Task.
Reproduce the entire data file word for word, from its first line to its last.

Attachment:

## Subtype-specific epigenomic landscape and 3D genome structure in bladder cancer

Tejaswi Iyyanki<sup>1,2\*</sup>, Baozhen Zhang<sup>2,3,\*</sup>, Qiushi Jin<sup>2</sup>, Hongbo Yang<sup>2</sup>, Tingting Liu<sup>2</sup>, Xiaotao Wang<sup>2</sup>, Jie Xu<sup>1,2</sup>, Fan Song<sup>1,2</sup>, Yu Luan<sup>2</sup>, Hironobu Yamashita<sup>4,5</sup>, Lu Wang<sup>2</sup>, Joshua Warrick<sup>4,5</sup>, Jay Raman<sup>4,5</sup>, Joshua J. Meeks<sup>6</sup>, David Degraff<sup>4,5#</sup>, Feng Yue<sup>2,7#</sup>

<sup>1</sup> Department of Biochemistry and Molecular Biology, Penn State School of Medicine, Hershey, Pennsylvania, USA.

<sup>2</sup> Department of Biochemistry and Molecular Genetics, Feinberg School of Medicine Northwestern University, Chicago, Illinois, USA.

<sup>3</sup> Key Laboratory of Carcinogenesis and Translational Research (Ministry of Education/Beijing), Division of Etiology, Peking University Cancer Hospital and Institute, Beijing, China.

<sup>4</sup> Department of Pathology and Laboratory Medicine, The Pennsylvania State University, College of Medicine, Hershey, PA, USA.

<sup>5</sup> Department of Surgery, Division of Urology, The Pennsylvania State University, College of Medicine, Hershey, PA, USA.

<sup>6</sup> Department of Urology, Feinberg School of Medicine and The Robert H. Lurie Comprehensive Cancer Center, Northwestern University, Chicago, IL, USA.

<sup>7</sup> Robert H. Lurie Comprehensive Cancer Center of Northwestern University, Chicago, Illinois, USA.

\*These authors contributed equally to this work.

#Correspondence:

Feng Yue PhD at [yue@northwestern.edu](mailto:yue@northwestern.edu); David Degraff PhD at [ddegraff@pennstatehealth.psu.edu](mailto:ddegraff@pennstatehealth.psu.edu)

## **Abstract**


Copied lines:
## Subtype-specific epigenomic landscape and 3D genome structure in bladder cancer

Tejaswi Iyyanki<sup>1,2\*</sup>, Baozhen Zhang<sup>2,3,\*</sup>, Qiushi Jin<sup>2</sup>, Hongbo Yang<sup>2</sup>, Tingting Liu<sup>2</sup>, Xiaotao Wang<sup>2</sup>, Jie Xu<sup>1,2</sup>, Fan Song<sup>1,2</sup>, Yu Luan<sup>2</sup>, Hironobu Yamashita<sup>4,5</sup>, Lu Wang<sup>2</sup>, Joshua Warrick<sup>4,5</sup>, Jay Raman<sup>4,5</sup>, Joshua J. Meeks<sup>6</sup>, David Degraff<sup>4,5#</sup>, Feng Yue<sup>2,7#</sup>

<sup>1</sup> Department of Biochemistry and Molecular Biology, Penn State School of Medicine, Hershey, Pennsylvania, USA.

<sup>2</sup> Department of Biochemistry and Molecular Genetics, Feinberg School of Medicine Northwestern University, Chicago, Illinois, USA.

<sup>3</sup> Key Laboratory of Carcinogenesis and Translational Research (Ministry of Education/Beijing), Division of Etiology, Peking University Cancer Hospital and Institute, Beijing, China.

<sup>4</sup> Department of Pathology and Laboratory Medicine, The Pennsylvania State University, College of Medicine, Hershey, PA, USA.

<sup>5</sup> Department of Surgery, Division of Urology, The Pennsylvania State University, College of Medicine, Hershey, PA, USA.

<sup>6</sup> Department of Urology, Feinberg School of Medicine and The Robert H. Lurie Comprehensive Cancer Center, Northwestern University, Chicago, IL, USA.

<sup>7</sup> Robert H. Lurie Comprehensive Cancer Center of Northwestern University, Chicago, Illinois, USA.

\*These authors contributed equally to this work.

#Correspondence:

Feng Yue PhD at [yue@northwestern.edu](mailto:yue@northwestern.edu); David Degraff PhD at [ddegraff@pennstatehealth.psu.edu](mailto:ddegraff@pennstatehealth.psu.edu)

## **Abstract**